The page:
Creator Val Arzunian says the seed for UBMe was planted after he and his then-girlfriend decided to go their separate ways. “We kept running into each other,” he explains. “It was awkward. That’s what got me thinking it would be great if there was a piece of technology to tell me where people are.” Rather than wait for the app stores to catch up, Arzunian got to work. “It was me at home in my room for about two and a half to three years building it,” he recalls.
Although Arzunian was starting from scratch, the New Jersey native had the drive, know-how and curiosity to make it happen. “When I got my first computer, I was the kid that downloaded every virus and then tried to fix it,” he says. In 2013, several years after he moved to the Lehigh Valley, he started the online marketing company Social Horizon, which he still operates today. Prior to that, he founded an online food delivery business (think Grubhub before there was Grubhub). Finally, UBMe launched in August of 2017. And, as Arzunian explains it, the finished product ended up being much more than a means to bypass encounters with an ex.
UBMe has about 20,000 users...2,000 of them are based in the Lehigh Valley.
“It’s an app that lets you see what’s happening around you, and connect with the people who are out there.” It’s also hyper-local, and, according to Arzunian, fills a void left by popular social media sites like Facebook. “You see what’s happening globally, but you don’t know what’s happening around you,” he says. So how does it work? A user checks in at a local destination—anything from a bar to a sporting event to a college campus—and then can immediately join a live chat with others who are at the same place. They can also read reviews, find events and make connections with potential love interests by exchanging information through the app—meaning no more phone numbers scribbled down on cocktail napkins.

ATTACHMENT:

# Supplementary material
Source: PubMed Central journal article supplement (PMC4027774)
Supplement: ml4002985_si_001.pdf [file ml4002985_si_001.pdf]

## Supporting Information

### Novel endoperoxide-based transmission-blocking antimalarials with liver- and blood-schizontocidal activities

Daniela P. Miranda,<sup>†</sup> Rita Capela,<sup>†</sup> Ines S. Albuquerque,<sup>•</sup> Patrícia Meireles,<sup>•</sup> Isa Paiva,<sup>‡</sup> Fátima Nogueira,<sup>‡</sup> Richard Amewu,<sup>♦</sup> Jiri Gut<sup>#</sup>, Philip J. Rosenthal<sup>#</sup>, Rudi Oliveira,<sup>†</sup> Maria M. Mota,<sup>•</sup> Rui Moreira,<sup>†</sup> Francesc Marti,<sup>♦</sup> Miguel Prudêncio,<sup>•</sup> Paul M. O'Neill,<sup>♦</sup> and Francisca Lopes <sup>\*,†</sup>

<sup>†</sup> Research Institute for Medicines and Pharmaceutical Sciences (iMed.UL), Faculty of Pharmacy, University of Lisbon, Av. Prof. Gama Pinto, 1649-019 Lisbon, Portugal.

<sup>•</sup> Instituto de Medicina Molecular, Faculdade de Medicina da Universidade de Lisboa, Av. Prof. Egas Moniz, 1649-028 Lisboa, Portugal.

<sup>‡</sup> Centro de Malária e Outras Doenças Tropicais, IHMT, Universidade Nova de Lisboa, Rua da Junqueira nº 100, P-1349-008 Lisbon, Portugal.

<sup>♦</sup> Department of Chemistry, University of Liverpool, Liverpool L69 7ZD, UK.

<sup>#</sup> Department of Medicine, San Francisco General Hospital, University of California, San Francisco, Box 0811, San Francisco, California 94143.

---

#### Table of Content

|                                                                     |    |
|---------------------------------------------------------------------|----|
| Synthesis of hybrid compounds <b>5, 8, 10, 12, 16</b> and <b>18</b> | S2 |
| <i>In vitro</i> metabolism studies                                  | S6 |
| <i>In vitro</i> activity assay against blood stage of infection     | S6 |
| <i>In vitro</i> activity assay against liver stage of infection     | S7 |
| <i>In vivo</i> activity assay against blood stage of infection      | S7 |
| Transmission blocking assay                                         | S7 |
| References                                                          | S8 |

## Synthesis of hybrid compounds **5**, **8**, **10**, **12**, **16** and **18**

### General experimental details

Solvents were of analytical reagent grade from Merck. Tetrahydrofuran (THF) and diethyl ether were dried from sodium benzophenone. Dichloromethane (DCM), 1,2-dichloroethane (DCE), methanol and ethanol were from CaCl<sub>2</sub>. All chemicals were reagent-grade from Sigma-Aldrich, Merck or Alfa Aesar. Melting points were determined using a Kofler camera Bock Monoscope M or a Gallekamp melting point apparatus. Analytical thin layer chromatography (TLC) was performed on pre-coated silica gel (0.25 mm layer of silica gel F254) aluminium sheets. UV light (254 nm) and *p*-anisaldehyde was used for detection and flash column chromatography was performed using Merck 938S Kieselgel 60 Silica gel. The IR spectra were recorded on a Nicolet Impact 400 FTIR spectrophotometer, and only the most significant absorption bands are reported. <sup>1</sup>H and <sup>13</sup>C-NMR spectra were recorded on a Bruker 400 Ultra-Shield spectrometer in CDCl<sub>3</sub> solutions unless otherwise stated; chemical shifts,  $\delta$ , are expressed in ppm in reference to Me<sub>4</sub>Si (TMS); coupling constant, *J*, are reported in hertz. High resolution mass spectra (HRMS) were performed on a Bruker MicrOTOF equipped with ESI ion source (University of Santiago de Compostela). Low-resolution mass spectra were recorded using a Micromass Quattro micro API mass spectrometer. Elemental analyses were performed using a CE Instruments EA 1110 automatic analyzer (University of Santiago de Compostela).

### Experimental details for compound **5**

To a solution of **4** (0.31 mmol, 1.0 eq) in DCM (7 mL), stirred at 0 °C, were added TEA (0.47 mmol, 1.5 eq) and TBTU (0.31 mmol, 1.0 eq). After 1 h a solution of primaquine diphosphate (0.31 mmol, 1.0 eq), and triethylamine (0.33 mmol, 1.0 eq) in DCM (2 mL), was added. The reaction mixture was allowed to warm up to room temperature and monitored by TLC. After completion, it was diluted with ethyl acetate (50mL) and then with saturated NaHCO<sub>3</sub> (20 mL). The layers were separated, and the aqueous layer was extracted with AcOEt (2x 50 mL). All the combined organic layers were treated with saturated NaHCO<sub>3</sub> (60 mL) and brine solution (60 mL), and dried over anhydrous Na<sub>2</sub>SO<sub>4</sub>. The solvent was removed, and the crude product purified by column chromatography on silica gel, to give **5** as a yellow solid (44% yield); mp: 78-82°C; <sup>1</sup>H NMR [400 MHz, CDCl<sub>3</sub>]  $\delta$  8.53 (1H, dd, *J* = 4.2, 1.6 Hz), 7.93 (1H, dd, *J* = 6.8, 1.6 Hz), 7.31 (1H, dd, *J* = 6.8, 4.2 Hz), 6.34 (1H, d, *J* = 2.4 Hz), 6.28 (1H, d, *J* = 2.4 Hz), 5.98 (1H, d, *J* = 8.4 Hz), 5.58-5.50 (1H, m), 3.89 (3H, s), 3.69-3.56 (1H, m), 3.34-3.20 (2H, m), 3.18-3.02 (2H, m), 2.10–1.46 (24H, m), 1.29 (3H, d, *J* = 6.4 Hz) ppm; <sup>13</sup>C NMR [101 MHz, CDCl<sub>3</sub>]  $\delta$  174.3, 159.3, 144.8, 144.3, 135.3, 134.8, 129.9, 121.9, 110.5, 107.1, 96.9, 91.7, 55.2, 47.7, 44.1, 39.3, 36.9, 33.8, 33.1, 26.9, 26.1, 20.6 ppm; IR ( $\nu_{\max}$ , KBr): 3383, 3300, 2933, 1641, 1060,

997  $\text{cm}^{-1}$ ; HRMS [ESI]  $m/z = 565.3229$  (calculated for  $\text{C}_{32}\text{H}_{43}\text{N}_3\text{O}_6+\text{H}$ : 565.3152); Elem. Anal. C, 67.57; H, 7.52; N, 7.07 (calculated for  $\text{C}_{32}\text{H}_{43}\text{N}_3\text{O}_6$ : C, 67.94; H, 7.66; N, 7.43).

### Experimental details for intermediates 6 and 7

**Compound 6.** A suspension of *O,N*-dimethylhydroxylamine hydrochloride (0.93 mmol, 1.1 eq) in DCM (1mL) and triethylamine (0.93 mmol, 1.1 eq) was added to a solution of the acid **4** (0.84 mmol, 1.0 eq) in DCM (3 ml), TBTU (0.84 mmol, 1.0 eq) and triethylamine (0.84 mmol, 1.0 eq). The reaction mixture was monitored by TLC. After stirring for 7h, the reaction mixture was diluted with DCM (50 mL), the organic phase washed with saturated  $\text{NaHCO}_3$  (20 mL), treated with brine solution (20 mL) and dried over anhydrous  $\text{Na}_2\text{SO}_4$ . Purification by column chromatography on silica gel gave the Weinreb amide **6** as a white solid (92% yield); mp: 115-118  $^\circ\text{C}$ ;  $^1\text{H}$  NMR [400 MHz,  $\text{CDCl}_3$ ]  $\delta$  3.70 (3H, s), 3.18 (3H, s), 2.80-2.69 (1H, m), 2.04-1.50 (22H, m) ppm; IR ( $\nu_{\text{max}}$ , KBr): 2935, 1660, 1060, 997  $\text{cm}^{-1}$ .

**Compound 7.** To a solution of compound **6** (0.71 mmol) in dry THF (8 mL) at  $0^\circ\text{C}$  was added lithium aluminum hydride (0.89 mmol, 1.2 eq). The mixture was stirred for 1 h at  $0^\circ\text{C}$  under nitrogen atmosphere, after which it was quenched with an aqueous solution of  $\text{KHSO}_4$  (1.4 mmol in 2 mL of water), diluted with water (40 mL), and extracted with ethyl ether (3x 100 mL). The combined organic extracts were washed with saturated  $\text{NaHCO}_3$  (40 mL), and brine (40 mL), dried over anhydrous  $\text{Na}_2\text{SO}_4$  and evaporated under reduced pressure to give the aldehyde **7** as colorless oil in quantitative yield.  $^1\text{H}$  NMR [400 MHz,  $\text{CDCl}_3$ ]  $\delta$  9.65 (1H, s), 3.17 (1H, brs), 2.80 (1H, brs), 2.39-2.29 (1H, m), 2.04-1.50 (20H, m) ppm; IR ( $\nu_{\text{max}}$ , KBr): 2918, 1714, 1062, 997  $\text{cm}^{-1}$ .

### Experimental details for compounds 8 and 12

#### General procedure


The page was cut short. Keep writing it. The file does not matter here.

Businesses can use UBMe to connect with customers and interact with them in real time. The advantage for those businesses, Arzunian says, is that any particular post they make will be seen by all UBMe users within a 15-mile radius, and not just by their followers. UBMe also offers dozens of local, exclusive deals on everything from a case of wine to a fitness class.
Although it’s based in South Bethlehem and prides itself on digging into the local flavor that separates one neighborhood from the next, the team behind UBMe, which also includes David Pulsifer, who joined the company as a co-founder in November of 2017, is looking at the bigger picture. “Our app is and can be used everywhere,” Arzunian says. UBMe has about 20,000 users; only about 2,000 of them are based in the Lehigh Valley. In the future, the company is looking to expand its foothold in Philadelphia and then move on to other cities: Pittsburgh, Boston and New York are all possibilities. Still, there’s no rush. The UBMe crew wants to take it slow and do it right, says Arzunian. “We try to build up one community at a time.”